The day after the election, Christine, a clothing designer, dreamed that Michelle Obama had gone into her business, presenting a new line of clothing. "It had balanced colors, baby pinks, baby blues and a floral print of both colors. It was very pretty." The dreamer was examining the line, as a buyer, and was troubled to find a stained and damaged garment at the bottom, and was troubled - as she woke - with the thought that there was a "stain" that wouldn't come out.


Obama's Dream: The graphic is a drawing by Valerie McCarney inspired by Obama's dream of encountering a giant in the African forest. This is one of two big dreams Obama included in his memoir Dreams from My Father. The seond is a dream in which Barack met his father in a jail cell a year after his father's death. There was love and reconciliation between the son and the father who had been absent from most of his life, but when Barack offered to get his father out of jail, his dad wasn't ready to be released. The dream is an important reminder that healing of family wounds is possible across the apparent barrier of death, and it is encouraging to know that the new President of the United States is not afraid to talk openly about his personal experiences in this area.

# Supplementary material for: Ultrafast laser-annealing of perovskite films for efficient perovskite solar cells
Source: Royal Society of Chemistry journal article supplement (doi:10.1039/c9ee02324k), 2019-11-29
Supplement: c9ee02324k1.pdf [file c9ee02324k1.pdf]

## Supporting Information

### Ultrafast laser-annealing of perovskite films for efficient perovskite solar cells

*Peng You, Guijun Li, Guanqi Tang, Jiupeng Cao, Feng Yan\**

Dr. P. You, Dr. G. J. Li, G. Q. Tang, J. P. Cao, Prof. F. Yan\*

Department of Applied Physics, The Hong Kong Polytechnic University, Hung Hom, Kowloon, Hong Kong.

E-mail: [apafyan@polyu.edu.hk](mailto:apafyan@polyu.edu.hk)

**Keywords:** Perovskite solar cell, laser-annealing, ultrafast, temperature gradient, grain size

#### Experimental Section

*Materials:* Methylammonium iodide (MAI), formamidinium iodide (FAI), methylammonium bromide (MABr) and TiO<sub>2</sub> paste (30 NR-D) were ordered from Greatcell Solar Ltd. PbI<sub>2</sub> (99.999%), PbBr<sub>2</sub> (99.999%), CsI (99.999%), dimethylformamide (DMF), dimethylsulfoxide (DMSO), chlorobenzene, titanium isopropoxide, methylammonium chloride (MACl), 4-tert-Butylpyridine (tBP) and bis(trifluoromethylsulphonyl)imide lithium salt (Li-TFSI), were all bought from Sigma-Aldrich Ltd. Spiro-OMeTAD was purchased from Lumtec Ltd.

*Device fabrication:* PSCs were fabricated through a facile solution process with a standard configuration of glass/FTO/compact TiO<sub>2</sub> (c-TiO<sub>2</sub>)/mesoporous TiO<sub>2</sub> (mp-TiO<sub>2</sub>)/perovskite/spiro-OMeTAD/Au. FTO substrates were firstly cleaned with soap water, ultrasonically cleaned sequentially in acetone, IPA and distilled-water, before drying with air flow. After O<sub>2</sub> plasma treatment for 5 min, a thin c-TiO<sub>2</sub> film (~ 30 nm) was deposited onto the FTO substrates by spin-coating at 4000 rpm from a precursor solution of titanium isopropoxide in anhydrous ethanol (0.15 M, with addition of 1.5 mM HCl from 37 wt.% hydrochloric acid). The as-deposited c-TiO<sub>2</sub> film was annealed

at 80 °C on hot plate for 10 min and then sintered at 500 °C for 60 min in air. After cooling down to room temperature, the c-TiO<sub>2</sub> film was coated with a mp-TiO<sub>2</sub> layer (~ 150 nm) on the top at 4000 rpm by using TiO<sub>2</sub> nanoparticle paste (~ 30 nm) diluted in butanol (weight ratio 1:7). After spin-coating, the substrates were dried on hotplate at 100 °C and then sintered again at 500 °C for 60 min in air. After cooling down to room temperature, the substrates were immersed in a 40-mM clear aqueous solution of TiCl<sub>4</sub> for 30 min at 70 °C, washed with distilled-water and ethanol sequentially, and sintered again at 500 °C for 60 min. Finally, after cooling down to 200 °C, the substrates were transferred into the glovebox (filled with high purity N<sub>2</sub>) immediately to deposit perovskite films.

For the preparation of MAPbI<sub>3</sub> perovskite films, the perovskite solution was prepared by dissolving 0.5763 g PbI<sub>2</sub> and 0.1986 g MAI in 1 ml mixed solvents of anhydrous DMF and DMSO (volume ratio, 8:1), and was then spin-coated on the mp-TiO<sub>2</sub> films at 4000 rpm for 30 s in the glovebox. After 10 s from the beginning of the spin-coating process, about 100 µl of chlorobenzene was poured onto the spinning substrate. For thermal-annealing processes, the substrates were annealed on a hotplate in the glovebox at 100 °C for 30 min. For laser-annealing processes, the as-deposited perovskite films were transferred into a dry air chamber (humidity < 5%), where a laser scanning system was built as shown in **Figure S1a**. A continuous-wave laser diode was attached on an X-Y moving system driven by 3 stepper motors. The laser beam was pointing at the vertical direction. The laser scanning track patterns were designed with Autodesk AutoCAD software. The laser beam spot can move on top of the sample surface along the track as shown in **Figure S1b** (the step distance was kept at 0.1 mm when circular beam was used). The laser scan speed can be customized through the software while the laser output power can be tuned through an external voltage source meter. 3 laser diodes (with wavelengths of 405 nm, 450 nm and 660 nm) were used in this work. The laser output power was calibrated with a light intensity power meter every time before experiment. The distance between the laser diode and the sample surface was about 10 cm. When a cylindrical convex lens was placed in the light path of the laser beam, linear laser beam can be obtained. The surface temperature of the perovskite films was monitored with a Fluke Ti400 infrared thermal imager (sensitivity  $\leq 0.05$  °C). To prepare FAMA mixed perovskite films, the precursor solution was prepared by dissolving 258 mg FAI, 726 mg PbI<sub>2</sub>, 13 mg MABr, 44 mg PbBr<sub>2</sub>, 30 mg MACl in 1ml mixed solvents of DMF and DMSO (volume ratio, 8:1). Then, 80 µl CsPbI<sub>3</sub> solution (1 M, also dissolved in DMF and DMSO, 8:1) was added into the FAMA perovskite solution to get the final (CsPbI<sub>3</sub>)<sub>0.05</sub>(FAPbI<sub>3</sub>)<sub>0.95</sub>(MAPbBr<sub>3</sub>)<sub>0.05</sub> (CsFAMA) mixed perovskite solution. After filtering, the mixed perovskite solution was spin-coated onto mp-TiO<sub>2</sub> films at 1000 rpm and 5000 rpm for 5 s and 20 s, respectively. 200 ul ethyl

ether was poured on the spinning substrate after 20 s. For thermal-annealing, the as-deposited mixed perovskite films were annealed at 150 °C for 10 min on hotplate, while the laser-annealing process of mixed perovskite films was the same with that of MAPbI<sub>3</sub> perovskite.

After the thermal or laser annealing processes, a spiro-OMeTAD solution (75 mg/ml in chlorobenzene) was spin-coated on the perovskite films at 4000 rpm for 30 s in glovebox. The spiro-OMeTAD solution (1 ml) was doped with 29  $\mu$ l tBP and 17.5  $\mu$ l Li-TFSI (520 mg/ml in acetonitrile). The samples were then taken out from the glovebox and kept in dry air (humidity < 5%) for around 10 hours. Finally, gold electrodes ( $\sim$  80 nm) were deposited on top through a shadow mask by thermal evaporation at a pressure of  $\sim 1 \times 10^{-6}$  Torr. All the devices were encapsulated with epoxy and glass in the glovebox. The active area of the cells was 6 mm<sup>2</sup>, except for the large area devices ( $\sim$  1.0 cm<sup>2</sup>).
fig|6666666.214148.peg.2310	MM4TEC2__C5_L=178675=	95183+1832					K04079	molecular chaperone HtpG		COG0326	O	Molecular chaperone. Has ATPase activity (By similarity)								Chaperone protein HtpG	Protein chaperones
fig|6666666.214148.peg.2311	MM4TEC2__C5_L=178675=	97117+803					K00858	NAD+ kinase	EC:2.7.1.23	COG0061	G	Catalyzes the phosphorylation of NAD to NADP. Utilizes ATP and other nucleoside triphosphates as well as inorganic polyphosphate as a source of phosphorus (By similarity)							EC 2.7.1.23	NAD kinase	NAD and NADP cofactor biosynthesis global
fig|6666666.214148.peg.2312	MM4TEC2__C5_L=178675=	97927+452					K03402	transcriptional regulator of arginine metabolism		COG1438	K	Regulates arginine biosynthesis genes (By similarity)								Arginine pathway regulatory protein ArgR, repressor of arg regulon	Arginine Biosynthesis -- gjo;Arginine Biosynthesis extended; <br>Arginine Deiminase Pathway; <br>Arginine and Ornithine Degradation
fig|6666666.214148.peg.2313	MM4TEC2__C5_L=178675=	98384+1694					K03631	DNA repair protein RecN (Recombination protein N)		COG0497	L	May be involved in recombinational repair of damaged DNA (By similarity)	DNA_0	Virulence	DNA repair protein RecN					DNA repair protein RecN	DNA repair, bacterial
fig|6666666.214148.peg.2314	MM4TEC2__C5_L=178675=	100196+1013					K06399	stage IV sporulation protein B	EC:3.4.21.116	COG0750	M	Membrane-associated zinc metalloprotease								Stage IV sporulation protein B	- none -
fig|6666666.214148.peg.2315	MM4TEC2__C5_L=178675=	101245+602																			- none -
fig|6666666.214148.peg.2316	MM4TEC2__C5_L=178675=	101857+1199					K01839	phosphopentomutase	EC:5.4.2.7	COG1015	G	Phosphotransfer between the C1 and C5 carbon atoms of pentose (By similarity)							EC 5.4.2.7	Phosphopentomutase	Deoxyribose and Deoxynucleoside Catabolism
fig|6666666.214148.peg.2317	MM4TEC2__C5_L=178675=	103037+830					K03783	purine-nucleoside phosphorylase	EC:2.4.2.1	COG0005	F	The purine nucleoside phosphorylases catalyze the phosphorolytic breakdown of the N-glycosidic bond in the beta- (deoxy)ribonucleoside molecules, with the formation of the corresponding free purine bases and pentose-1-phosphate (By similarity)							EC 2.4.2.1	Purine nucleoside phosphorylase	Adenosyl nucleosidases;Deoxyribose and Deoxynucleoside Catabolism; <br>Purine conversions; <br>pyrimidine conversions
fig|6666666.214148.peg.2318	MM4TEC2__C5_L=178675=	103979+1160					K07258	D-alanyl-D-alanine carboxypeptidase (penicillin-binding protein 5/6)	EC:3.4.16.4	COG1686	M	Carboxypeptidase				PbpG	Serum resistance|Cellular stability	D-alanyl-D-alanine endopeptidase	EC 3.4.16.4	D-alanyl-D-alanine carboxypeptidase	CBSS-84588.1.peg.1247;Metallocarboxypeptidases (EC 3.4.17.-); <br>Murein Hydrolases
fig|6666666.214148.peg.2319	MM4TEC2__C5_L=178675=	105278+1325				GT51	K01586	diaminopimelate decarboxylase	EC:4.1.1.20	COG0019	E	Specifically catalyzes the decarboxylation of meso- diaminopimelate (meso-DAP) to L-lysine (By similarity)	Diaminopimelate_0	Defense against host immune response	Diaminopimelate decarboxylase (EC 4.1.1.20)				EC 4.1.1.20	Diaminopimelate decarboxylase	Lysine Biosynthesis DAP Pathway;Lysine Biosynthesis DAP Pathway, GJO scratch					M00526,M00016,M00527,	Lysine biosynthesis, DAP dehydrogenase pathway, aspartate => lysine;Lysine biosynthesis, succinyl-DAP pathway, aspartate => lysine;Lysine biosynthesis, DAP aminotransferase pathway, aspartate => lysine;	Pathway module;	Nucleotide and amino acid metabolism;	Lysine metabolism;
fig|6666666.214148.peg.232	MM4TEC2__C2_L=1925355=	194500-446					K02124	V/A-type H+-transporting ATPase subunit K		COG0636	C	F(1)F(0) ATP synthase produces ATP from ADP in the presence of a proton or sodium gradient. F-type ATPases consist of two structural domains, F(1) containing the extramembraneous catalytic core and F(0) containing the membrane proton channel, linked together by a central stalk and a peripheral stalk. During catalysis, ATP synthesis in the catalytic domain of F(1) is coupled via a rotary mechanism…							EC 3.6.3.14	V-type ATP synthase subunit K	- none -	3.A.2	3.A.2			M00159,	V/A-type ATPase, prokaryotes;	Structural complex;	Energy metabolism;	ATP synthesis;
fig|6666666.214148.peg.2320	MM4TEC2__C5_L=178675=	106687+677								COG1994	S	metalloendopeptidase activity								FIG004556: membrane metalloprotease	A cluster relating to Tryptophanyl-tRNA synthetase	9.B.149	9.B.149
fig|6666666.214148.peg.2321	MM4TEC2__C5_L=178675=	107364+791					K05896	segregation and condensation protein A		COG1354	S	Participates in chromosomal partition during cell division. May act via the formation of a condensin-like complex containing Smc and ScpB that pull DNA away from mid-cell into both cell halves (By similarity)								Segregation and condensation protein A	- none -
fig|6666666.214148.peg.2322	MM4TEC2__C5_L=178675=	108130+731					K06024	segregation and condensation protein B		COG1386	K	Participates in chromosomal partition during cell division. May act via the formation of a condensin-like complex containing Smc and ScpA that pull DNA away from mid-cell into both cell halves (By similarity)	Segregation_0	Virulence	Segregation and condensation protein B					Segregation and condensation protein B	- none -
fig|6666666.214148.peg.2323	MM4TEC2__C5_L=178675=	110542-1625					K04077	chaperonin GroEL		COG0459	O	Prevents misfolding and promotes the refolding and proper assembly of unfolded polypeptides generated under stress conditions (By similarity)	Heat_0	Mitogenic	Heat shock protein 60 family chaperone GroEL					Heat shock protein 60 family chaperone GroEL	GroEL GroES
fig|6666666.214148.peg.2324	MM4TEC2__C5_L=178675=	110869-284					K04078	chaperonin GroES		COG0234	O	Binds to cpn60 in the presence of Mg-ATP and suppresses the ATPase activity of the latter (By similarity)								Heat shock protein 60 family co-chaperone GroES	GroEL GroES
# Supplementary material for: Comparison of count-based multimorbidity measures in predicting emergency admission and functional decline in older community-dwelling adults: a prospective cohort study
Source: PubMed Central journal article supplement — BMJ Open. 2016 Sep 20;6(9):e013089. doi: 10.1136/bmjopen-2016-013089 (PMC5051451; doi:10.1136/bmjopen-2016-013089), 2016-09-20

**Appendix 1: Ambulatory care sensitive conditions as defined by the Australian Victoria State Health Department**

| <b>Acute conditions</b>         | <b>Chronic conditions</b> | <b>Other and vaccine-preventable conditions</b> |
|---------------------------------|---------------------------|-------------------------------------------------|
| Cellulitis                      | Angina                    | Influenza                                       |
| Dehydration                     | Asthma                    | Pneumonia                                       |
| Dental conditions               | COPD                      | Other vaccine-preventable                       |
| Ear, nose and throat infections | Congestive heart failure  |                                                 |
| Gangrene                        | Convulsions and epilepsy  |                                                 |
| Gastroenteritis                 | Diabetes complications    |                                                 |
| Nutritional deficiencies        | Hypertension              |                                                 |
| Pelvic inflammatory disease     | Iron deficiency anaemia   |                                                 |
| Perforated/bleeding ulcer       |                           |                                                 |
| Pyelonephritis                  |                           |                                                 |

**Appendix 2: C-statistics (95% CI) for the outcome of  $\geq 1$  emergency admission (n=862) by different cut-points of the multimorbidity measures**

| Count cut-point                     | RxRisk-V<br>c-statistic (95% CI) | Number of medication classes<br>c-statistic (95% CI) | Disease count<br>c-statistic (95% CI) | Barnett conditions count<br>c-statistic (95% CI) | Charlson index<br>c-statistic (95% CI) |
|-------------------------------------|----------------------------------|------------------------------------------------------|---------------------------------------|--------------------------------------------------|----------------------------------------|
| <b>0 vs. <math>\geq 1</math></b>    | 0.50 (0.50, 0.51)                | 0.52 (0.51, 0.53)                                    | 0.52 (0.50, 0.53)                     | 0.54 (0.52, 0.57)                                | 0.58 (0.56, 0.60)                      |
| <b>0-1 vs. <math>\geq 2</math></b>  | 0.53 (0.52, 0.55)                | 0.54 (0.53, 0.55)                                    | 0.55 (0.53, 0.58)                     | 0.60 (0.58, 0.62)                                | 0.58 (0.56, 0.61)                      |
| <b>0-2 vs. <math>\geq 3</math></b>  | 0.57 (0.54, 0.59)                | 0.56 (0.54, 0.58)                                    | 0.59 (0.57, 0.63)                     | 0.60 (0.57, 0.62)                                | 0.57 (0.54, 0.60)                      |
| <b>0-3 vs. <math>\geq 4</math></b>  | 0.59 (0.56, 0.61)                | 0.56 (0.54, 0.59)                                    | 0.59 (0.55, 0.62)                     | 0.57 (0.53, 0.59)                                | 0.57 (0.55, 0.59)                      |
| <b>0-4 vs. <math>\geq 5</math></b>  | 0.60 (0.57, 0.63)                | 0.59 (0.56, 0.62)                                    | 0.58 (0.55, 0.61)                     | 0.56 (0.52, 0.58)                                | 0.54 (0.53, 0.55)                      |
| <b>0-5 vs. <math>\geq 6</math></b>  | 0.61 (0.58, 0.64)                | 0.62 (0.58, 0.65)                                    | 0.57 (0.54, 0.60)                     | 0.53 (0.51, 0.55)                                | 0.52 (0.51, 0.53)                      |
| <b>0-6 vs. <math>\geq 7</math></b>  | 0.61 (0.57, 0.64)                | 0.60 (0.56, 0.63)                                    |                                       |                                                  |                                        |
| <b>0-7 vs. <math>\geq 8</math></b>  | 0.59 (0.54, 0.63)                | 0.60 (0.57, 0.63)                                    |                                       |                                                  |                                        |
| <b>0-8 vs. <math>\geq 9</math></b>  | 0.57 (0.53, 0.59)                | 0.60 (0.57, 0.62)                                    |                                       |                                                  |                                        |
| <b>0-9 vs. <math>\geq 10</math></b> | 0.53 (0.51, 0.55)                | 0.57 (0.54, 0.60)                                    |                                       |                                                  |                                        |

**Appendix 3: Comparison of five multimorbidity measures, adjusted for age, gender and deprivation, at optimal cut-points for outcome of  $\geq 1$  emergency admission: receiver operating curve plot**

Friday, January 9, 2009

Waking the sleeping king


I was reading a version of one of Madame d'Aulnoy's fairy stories, "The Blue Bird" and was struck by a part near the end where, after incredible trials and transformations, the abused princess, disguised as a beggar girl, manages to gain access to the Echo Chamber in the castle of King Charming, who loves her as she loves him but believes her lost. What is said in the Echo Chamber can be heard distinctly in the royal bedchamber above. The princess wails her story of love and loss, assuming it will awaken the king to the fact that she is alive and available and recall him to the pledges they exchanged.
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But night after night, the king fails to hear. The princess has used up nearly all of the magic a good witch gave her - which has enabled her to buy entry to the Echo Chamber - before she learns that the king does not hear her because he takes a sleeping-draught every night. She manages to bribe a page to withhold the sleeping potion. Awake in the night, the king hears her love pleas, goes in search of her, and they are united.